French Singer Charles Aznavour Dies At 94 The French singer Charles Aznavour has died at the age of 94. His fame spread across borders and generations, and Aznavour sold more than 100 million records in 80 countries.
NPR logo

French Singer Charles Aznavour Dies At 94

  • Download
  • <iframe src="https://www.npr.org/player/embed/653430446/653430450" width="100%" height="290" frameborder="0" scrolling="no" title="NPR embedded audio player">
  • Transcript
French Singer Charles Aznavour Dies At 94

French Singer Charles Aznavour Dies At 94

French Singer Charles Aznavour Dies At 94

  • Download
  • <iframe src="https://www.npr.org/player/embed/653430446/653430450" width="100%" height="290" frameborder="0" scrolling="no" title="NPR embedded audio player">
  • Transcript

The French singer Charles Aznavour has died at the age of 94. His fame spread across borders and generations, and Aznavour sold more than 100 million records in 80 countries.

ARI SHAPIRO, HOST:

Singer, songwriter and actor Charles Aznavour has died at the age of 94. He had often been called the French Frank Sinatra. Aznavour was an international star who performed around the world. NPR's Eleanor Beardsley reports he was especially beloved in his native France, where tributes are pouring in.

CHARLES AZNAVOUR: Charles Aznavour songs are playing nonstop on French radio.

(SOUNDBITE OF SONG, "LA BOHEME")

AZNAVOUR: (Singing in French).

ELEANOR BEARDSLEY, BYLINE: The country's president, Emmanuel Macron, tweeted that Aznavour had accompanied the joys and pains of three generations and that his voice and unique brilliance will shine on. Throughout his 70-year career, Aznavour sold more than a hundred million records in 80 countries. Jean-Pierre Pasqualini, head of programming at Melody TV, says Aznavour broke taboos.

JEAN-PIERRE PASQUALINI: He was the first singer in the '50s who was sensual. In the '50s, all the girls had blushes when they listened to Charles Aznavour.

(SOUNDBITE OF SONG, "HIER ENCORE")

AZNAVOUR: (Singing in French).

BEARDSLEY: Pasqualini says Aznavour was daring. The singer composed some 1,400 songs, many about important themes.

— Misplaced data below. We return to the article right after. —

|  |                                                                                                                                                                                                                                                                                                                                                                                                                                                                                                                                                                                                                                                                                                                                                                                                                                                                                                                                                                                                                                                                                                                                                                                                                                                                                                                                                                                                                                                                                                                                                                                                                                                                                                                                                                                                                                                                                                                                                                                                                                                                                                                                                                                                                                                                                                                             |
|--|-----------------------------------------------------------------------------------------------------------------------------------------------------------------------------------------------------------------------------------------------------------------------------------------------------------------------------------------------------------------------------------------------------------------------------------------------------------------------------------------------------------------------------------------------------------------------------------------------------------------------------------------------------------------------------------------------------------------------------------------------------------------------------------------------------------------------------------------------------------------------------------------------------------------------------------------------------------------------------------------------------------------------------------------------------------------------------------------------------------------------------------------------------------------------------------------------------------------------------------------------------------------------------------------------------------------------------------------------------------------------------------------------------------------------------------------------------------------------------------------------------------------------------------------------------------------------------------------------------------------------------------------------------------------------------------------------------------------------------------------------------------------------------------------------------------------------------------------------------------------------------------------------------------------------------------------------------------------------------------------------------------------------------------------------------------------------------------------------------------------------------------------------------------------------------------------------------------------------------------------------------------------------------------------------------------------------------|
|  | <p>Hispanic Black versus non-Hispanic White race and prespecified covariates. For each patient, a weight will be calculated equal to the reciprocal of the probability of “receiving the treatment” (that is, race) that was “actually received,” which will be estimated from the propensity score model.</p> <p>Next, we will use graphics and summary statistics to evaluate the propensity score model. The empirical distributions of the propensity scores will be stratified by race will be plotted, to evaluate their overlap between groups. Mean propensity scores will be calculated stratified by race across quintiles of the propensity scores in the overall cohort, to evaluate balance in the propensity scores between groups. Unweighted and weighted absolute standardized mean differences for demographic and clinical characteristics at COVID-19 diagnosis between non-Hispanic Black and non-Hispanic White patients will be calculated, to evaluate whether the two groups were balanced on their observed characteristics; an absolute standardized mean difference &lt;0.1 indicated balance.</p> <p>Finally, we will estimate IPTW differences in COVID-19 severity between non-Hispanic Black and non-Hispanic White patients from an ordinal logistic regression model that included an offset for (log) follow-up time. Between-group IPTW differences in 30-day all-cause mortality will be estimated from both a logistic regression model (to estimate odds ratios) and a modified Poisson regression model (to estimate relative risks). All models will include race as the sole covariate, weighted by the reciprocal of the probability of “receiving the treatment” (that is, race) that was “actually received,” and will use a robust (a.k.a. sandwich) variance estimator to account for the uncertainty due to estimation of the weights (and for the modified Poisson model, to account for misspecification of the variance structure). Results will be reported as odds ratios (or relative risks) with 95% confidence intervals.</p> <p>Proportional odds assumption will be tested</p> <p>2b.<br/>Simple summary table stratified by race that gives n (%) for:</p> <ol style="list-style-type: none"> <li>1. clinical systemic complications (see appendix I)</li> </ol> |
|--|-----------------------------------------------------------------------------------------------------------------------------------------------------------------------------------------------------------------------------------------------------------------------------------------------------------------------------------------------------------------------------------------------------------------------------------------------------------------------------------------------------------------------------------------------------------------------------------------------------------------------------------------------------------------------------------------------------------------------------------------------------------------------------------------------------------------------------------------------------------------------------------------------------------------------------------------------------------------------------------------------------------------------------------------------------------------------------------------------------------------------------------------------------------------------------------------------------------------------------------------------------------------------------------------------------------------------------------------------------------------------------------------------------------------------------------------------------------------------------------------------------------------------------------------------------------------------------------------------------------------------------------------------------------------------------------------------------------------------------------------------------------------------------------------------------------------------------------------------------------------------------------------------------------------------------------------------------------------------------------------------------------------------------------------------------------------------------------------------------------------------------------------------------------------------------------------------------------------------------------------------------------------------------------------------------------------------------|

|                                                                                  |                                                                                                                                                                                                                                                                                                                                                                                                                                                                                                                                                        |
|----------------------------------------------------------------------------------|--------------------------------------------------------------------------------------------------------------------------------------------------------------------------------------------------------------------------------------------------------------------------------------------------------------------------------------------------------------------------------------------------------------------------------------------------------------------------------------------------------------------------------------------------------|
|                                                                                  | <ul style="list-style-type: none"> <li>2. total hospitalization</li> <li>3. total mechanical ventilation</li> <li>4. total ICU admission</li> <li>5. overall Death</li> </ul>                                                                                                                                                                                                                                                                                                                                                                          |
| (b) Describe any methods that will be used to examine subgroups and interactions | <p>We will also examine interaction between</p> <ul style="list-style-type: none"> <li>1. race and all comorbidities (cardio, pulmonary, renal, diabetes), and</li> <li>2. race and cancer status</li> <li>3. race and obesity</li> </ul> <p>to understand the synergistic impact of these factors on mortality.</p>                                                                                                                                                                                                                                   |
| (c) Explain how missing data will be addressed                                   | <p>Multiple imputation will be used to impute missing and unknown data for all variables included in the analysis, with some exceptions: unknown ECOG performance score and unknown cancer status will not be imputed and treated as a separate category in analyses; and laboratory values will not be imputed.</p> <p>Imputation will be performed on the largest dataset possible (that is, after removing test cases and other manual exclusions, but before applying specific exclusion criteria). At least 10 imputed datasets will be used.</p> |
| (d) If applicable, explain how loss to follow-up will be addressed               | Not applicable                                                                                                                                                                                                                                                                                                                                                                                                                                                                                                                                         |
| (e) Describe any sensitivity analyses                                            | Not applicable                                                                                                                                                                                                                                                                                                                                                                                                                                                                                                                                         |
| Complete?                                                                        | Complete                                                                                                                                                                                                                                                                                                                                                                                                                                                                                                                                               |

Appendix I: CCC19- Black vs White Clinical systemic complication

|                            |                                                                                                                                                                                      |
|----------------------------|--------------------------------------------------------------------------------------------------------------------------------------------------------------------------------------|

PASQUALINI: He wrote about homosexuality. In '72, it was very early. He dared a lot.

BEARDSLEY: Charles Aznavour was born in France in 1924. His relatives fled the Armenian genocide in Turkey. Aznavour was discovered by Edith Piaf and wrote songs for her and toured with her after the war. He had his biggest hit in English in 1974 with "She."

(SOUNDBITE OF SONG, "SHE")

AZNAVOUR: (Singing) Me, I'll take her laughter and her tears and make them all my souvenirs, for where she goes, I've got to be. The meaning of my life is she.

BEARDSLEY: Aznavour also acted in more than 60 films, including Francois Truffaut's "Shoot The Piano Player" Aznavour told NPR two years ago when he was on tour in the U.S. that he couldn't hear well and had to use a teleprompter to remember the words to his songs. But he said his audience didn't mind.

(SOUNDBITE OF ARCHIVED BROADCAST)

AZNAVOUR: Funny enough, they accepted it more and more. They're close to me because they are my confidantes. Public is my first love.

BEARDSLEY: Charles Aznavour composed and performed until the very end. He was set to go on tour later this month. Eleanor Beardsley, NPR News, Paris.

(SOUNDBITE OF SONG, "FOR ME FORMIDABLE")

AZNAVOUR: (Singing) You are the one for me, for me, for me formidable. But how can you...

Copyright © 2018 NPR. All rights reserved. Visit our website terms of use and permissions pages at www.npr.org for further information.

NPR transcripts are created on a rush deadline by Verb8tm, Inc., an NPR contractor, and produced using a proprietary transcription process developed with NPR. This text may not be in its final form and may be updated or revised in the future. Accuracy and availability may vary. The authoritative record of NPR’s programming is the audio record.